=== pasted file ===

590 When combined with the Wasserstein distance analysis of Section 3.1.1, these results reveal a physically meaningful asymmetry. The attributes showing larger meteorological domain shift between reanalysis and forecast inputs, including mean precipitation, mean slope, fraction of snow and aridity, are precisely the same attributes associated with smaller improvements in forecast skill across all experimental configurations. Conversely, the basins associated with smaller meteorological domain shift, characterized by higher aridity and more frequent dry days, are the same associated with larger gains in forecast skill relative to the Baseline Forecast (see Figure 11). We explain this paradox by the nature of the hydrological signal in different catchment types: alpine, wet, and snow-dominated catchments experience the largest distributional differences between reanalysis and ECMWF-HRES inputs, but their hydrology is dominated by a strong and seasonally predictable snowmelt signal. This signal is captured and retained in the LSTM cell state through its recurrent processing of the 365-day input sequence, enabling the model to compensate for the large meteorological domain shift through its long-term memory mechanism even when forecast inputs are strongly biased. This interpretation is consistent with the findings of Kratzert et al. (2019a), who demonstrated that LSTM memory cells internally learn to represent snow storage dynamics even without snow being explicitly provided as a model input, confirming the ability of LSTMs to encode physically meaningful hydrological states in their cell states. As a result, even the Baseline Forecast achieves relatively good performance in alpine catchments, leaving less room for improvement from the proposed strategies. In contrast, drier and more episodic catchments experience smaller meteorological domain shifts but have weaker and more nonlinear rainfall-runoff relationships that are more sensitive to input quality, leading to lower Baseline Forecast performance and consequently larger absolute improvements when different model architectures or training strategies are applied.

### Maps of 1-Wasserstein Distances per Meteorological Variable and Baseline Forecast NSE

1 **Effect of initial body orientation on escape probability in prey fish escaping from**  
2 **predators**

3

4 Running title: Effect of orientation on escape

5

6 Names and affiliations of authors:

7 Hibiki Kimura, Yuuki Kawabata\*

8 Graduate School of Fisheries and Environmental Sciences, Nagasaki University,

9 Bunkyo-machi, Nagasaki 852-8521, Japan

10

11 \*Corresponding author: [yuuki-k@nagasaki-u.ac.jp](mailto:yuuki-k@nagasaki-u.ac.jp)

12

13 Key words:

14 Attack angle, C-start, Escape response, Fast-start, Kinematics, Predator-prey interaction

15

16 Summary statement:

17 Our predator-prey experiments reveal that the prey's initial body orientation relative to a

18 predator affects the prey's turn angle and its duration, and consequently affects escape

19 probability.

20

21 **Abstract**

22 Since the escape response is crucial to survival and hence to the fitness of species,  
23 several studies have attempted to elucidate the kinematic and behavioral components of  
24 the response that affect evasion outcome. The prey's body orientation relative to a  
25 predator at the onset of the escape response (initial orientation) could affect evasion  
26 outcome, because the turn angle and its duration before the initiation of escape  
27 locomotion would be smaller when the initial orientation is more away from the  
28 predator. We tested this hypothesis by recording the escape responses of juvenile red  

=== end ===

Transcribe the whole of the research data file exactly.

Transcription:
590 When combined with the Wasserstein distance analysis of Section 3.1.1, these results reveal a physically meaningful asymmetry. The attributes showing larger meteorological domain shift between reanalysis and forecast inputs, including mean precipitation, mean slope, fraction of snow and aridity, are precisely the same attributes associated with smaller improvements in forecast skill across all experimental configurations. Conversely, the basins associated with smaller meteorological domain shift, characterized by higher aridity and more frequent dry days, are the same associated with larger gains in forecast skill relative to the Baseline Forecast (see Figure 11). We explain this paradox by the nature of the hydrological signal in different catchment types: alpine, wet, and snow-dominated catchments experience the largest distributional differences between reanalysis and ECMWF-HRES inputs, but their hydrology is dominated by a strong and seasonally predictable snowmelt signal. This signal is captured and retained in the LSTM cell state through its recurrent processing of the 365-day input sequence, enabling the model to compensate for the large meteorological domain shift through its long-term memory mechanism even when forecast inputs are strongly biased. This interpretation is consistent with the findings of Kratzert et al. (2019a), who demonstrated that LSTM memory cells internally learn to represent snow storage dynamics even without snow being explicitly provided as a model input, confirming the ability of LSTMs to encode physically meaningful hydrological states in their cell states. As a result, even the Baseline Forecast achieves relatively good performance in alpine catchments, leaving less room for improvement from the proposed strategies. In contrast, drier and more episodic catchments experience smaller meteorological domain shifts but have weaker and more nonlinear rainfall-runoff relationships that are more sensitive to input quality, leading to lower Baseline Forecast performance and consequently larger absolute improvements when different model architectures or training strategies are applied.

### Maps of 1-Wasserstein Distances per Meteorological Variable and Baseline Forecast NSE

1 **Effect of initial body orientation on escape probability in prey fish escaping from**  
2 **predators**

3

4 Running title: Effect of orientation on escape

5

6 Names and affiliations of authors:

7 Hibiki Kimura, Yuuki Kawabata\*

8 Graduate School of Fisheries and Environmental Sciences, Nagasaki University,

9 Bunkyo-machi, Nagasaki 852-8521, Japan

10

11 \*Corresponding author: [yuuki-k@nagasaki-u.ac.jp](mailto:yuuki-k@nagasaki-u.ac.jp)

12

13 Key words:

14 Attack angle, C-start, Escape response, Fast-start, Kinematics, Predator-prey interaction

15

16 Summary statement:

17 Our predator-prey experiments reveal that the prey's initial body orientation relative to a

18 predator affects the prey's turn angle and its duration, and consequently affects escape

19 probability.

20

21 **Abstract**

22 Since the escape response is crucial to survival and hence to the fitness of species,  
23 several studies have attempted to elucidate the kinematic and behavioral components of  
24 the response that affect evasion outcome. The prey's body orientation relative to a  
25 predator at the onset of the escape response (initial orientation) could affect evasion  
26 outcome, because the turn angle and its duration before the initiation of escape  
27 locomotion would be smaller when the initial orientation is more away from the  
28 predator. We tested this hypothesis by recording the escape responses of juvenile red  